We have already mentioned that the interpreter's talents must include not only a good understanding of the language, but also of the culture of the market that we wish to enter, and its users. It is also fair to say that the interpreter localises by default. So, what is localisation?
Multilingual websites are a perfect example for understanding the specific importance of localisation in user experience. Localisation constitutes everything that surrounds language, so to speak, in its form (alphabets and typography, currencies, local systems of measurement), but also on a deeper level; historical references, cultural preferences (and taboos), double meanings and poorly understood wordplay can elevate or ruin any project.
On the other hand, localisation is a natural part of interpreting, so to speak. Interpreters must understand the cultural codes to use in order to communicate with our interlocutor (when to switch between formal and informal forms of address or how to adapt fixed expression, for example), as well as other technical aspects (such as "converting" one currency or unit of measurement into another).
Translation and interpretation: impact on user experience
Translating and interpreting are two different but related approaches that affect user experience in international markets. If we are working with a website or a set of instructions for a lawnmower, we want to be able to read them in our language; if we are dealing with a guided tour or customer service, this is even more true.
Therefore, although they are tools with different uses and results, translation and interpreting go hand in hand in the creation of optimal UX, and share a series of essential positive effects on a marketing, branding or sales campaign, in principal, the following:
- The user enjoys a smooth experience with no friction; they can browse a website smoothly, find information in their language, pay in their currency, etc.
- The user does not come across any cultural barriers; including the product or services and their advantages, which are adapted to their cultural context.
- The user finds it easier to identify with the brand; they feel a sense of closeness and can form a connection more easily.
How can interpreting improve brand engagement?
A lot of hard work goes on behind the scenes when it comes to customers (market analysis, individual and group interviews, strategic campaigns), and behind this, solid interpreting work where necessary: relationships with partners and organisations, UX research, corporate branding actions and events, etc.
The most obvious impact is in obtaining a greater reach in quantitative terms, but also qualitative terms. Imagine you present your brand to an international audience. If you do it in a single language, only those who speak that language will understand. Let's assume you do it in English. It will be understood by more people, but they will not have the same depth of understanding as they do in their native language.
There is also another impact that may be less visible in the short term but more powerful: communication is more effective in our native language. It is easier to generate trust, affinity, empathy. The customer feels that the brand "speaks their language," in this case in a literal sense, and better understands the identity of the brand.
Real cases that demonstrate how interpreting improves UX and brand engagement
The best way to understand and visualize the potential impact of interpreting on user experience and brand engagement is to identify a few use cases:
- When the team at Functionaire were asked to help develop an app for managing maintenance in large buildings in the United States, they found that the most common user did not have a fluent understanding of English. Therefore, they decided to include this feature in the qualitative research phase of development. With an interpreter, of course.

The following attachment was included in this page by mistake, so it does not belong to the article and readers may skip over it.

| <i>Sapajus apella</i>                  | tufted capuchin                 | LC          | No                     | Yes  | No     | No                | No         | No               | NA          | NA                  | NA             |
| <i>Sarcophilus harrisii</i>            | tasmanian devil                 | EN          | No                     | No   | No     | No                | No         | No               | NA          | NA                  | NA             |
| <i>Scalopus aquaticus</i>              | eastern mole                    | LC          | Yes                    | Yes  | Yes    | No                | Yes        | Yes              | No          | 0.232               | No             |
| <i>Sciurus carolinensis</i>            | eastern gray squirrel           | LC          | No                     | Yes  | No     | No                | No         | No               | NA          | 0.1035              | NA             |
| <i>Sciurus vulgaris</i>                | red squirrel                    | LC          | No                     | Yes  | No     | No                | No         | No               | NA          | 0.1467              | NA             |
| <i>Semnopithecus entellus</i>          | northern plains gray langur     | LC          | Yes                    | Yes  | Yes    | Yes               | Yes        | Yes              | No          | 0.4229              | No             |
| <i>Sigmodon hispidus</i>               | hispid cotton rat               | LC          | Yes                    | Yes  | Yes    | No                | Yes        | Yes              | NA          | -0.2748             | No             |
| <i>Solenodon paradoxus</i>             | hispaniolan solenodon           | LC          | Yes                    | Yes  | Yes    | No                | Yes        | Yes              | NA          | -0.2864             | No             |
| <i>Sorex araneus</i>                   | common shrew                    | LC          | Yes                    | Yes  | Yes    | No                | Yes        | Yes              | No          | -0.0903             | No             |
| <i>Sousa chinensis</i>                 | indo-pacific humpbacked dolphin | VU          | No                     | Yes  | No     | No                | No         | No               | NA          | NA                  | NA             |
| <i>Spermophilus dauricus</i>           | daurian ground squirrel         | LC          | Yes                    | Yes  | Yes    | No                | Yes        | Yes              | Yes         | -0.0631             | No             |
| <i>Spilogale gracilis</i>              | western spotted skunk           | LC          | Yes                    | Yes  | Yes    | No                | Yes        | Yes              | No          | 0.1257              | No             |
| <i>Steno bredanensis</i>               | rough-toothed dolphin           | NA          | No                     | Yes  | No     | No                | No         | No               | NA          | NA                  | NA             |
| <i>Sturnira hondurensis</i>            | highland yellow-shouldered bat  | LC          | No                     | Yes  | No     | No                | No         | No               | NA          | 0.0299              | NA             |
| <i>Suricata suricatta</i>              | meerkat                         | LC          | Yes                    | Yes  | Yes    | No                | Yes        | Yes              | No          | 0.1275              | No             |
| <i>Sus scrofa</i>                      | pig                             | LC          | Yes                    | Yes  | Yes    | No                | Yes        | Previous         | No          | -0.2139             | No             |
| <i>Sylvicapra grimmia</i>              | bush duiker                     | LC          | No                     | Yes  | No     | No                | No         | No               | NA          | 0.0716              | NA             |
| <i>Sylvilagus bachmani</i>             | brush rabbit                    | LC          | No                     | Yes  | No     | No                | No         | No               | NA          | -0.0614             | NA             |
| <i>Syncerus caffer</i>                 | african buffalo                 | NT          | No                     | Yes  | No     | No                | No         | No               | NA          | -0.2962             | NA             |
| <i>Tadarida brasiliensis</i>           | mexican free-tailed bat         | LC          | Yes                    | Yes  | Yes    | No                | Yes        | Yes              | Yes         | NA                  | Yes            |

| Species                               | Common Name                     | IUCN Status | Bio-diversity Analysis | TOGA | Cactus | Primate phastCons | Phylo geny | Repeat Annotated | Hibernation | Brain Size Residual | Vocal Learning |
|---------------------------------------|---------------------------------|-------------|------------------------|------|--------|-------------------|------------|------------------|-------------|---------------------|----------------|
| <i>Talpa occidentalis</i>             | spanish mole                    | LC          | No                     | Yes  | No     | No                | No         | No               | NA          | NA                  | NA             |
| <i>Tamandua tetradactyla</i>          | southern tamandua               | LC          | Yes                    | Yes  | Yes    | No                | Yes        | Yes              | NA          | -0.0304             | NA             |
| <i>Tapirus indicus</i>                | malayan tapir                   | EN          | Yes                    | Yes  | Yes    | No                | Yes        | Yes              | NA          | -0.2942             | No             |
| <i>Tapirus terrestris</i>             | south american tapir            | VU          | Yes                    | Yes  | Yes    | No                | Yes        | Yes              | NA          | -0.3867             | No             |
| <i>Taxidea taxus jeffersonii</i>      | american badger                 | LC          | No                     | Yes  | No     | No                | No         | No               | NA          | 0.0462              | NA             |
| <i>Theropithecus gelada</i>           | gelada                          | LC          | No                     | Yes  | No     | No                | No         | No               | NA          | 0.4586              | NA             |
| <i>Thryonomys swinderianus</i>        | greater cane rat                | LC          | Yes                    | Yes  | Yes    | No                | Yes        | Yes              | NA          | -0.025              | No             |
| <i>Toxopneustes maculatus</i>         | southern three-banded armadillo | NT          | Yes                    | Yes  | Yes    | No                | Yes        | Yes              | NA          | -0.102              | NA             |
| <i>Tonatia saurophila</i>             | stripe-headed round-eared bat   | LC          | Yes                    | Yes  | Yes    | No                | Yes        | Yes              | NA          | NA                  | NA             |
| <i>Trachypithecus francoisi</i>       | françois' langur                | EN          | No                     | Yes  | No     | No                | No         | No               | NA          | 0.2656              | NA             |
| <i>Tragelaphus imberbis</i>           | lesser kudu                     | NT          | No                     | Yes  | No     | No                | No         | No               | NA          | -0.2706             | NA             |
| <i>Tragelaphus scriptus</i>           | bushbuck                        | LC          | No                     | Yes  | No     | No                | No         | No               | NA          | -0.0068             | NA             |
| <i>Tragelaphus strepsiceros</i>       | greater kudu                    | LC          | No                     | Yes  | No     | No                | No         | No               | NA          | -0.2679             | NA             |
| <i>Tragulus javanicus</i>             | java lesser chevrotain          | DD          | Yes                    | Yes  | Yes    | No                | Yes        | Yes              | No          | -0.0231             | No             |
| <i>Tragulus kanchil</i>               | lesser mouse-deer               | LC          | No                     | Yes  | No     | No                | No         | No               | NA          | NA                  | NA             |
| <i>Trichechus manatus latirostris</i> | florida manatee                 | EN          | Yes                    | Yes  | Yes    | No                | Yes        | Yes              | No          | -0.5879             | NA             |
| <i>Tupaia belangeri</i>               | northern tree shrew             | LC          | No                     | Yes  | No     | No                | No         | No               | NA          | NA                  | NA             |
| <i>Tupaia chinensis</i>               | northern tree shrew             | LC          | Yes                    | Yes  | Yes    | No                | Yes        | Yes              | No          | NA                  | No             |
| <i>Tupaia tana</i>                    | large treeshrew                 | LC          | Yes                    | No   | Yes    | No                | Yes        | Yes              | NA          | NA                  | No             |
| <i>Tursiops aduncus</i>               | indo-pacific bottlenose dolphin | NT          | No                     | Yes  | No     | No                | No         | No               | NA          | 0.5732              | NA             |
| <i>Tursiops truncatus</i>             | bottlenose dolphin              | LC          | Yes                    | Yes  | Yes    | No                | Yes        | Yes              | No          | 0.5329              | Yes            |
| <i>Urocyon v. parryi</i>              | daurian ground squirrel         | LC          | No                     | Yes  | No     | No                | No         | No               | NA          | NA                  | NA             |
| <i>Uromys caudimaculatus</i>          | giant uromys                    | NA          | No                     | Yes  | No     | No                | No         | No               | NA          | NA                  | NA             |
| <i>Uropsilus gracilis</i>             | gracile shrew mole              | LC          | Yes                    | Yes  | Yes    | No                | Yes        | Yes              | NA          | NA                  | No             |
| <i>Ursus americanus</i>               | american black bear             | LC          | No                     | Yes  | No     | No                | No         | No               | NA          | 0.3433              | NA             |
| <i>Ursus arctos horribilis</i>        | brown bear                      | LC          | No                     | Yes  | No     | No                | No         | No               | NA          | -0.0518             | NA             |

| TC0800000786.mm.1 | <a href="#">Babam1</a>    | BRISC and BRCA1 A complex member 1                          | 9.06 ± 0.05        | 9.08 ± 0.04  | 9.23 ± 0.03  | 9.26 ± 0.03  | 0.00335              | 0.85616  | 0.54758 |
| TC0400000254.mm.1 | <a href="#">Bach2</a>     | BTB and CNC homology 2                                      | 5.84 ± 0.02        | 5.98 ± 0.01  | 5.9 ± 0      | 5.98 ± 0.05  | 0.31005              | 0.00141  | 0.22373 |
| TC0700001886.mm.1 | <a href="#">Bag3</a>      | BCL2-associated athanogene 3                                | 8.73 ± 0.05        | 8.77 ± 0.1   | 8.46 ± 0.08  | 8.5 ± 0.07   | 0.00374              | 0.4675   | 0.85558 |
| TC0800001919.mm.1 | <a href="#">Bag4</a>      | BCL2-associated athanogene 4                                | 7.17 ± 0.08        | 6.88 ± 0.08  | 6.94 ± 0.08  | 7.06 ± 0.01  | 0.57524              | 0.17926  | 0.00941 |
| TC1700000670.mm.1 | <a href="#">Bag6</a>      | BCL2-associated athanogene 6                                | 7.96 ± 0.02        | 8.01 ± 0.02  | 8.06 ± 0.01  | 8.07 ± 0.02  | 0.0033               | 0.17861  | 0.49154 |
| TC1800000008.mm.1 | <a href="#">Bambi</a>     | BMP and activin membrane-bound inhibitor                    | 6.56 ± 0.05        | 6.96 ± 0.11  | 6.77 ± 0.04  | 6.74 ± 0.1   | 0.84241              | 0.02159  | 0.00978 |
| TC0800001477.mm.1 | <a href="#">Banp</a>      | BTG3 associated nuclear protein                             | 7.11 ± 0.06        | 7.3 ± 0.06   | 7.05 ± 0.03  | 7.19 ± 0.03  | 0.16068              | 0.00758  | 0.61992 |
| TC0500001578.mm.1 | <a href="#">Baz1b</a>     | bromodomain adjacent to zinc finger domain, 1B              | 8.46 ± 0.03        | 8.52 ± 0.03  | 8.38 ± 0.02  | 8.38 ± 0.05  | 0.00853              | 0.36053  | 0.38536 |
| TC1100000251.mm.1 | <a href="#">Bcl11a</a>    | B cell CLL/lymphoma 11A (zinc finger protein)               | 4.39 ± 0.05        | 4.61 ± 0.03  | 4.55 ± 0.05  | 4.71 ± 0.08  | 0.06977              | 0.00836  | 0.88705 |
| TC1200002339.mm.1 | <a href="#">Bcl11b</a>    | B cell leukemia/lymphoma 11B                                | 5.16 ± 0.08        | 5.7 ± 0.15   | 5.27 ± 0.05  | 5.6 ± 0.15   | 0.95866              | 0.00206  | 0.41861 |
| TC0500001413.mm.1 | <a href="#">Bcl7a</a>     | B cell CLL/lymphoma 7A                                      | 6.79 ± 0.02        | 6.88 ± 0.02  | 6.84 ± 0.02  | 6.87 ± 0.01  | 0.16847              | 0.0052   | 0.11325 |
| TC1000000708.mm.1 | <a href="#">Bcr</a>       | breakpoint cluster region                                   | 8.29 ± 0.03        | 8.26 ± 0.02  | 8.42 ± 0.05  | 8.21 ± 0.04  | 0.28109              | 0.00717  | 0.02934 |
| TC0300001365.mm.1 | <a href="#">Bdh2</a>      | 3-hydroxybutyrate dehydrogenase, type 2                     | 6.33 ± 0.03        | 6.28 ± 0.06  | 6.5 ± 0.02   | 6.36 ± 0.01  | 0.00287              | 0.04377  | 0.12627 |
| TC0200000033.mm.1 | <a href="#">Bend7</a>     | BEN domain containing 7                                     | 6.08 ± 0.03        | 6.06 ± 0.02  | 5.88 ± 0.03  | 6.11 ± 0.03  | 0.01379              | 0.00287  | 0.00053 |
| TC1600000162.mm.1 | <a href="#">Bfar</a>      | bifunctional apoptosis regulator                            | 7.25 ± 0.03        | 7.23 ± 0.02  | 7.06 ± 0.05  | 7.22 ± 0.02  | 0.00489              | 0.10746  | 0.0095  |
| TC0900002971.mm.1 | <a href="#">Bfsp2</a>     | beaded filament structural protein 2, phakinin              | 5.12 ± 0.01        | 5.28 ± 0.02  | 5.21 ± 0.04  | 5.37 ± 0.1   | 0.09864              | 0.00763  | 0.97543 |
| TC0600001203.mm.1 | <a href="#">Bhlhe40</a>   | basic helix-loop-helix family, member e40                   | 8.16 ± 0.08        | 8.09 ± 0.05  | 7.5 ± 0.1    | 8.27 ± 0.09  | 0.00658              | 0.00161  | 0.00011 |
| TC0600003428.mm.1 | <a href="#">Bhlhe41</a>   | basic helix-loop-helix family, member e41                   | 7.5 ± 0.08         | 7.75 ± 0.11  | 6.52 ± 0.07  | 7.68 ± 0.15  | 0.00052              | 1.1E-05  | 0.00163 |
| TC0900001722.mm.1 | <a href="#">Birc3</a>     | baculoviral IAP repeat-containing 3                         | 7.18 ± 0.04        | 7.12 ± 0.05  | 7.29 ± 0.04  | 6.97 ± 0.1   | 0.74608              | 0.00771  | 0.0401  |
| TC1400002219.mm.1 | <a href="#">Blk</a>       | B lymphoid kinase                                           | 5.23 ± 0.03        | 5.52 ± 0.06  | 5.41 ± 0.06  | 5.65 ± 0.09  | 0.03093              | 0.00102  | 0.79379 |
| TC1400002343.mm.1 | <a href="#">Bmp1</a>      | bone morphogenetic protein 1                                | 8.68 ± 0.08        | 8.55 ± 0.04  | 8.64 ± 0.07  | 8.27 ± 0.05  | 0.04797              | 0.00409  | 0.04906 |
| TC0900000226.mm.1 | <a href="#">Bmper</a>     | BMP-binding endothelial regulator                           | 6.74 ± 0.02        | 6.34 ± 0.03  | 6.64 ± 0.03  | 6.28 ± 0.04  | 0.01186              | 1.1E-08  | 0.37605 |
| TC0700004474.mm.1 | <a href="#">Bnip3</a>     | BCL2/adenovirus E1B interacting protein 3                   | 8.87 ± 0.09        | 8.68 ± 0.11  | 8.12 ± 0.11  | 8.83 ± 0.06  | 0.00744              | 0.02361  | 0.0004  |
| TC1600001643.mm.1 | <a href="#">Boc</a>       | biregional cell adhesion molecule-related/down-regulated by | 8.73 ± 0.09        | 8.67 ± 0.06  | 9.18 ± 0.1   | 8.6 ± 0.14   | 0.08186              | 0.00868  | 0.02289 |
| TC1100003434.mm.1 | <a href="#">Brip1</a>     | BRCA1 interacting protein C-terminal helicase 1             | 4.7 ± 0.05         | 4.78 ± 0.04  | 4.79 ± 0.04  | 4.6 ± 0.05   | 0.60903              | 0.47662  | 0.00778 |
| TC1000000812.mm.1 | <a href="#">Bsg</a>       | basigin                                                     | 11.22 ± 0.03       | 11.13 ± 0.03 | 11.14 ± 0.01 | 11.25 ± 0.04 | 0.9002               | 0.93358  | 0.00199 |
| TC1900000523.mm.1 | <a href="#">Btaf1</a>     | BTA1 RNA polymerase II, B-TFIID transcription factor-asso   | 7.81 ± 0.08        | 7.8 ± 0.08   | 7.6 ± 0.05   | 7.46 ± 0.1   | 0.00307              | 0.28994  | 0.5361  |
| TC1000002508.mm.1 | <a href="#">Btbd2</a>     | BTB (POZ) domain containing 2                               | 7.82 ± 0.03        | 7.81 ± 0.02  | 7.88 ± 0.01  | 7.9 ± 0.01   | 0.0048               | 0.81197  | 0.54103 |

- The US federal health agency, CMS, regardless of its public ownership, perfectly explains how the use of interpreters in healthcare greatly improves the perception of the service, as well as the results themselves; This extends to other highly specialized personal services.
- Cory Lebson is an expert UX consultant with more than twenty years of experience. Here he tells us about his experience investigating the usability of a mobile app native to the United States that had been translated into Portuguese and localised for Brazil, with insightful details of the difficulties around preparation, positioning and body language, speech rhythms and the UI of the product.
If we think as users and not as a company, we realize the importance of interpreting for offering a better user experience and improving brand engagement.
At ATLS, we have seen several cases of companies that have invested in the English language only for all attendees, regardless of their origin. In particular, we are reminded of the case of a well-known French company that invested a lot of money in the global presentation of its new products. They hired us for French to English interpreting only. Can you predict the result? Of course, all attendees understood the English perfectly, but for those who did not have English as their mother tongue, the presentation was much less impactful. The company was penalised for this in the questionnaires sent out at the end of the presentation. In the end, this customer invested many thousands of euros in an action that did not create the expected engagement and they did not enjoy the subsequent profits. Fortunately, this error was later amended, as after this event, they opted to use interpreting for all languages spoken by the attendees. The result? They managed to improve their brand image and positioning, which resulted in increased profits.
Therefore, ATLS recommends that you take into account interpreting of your events, conferences, training, etc., wherever possible, as it will add value to the user experience and reinforce the user's commitment to the brand.
We share the benefits of investing in interpreting from our experience
Company events, whether face-to-face or remote, usually bring together people from different backgrounds who speak different languages. Interpreting allows them to be converted into moments for generating engagement. On the other hand, and in the negative sense, the absence of an interpreter in an UX research interview can (and usually does) lead to misunderstandings, loss of meaning and imprecise analysis.
We know from the experience we have gained throughout our career as an agency specialising in translation and international marketing that we are dealing with two sides of the same coin: communication is the basis for actions as specific as a UX study or as generic as generating brand image. In this regard, communication and interpreting are synonymous.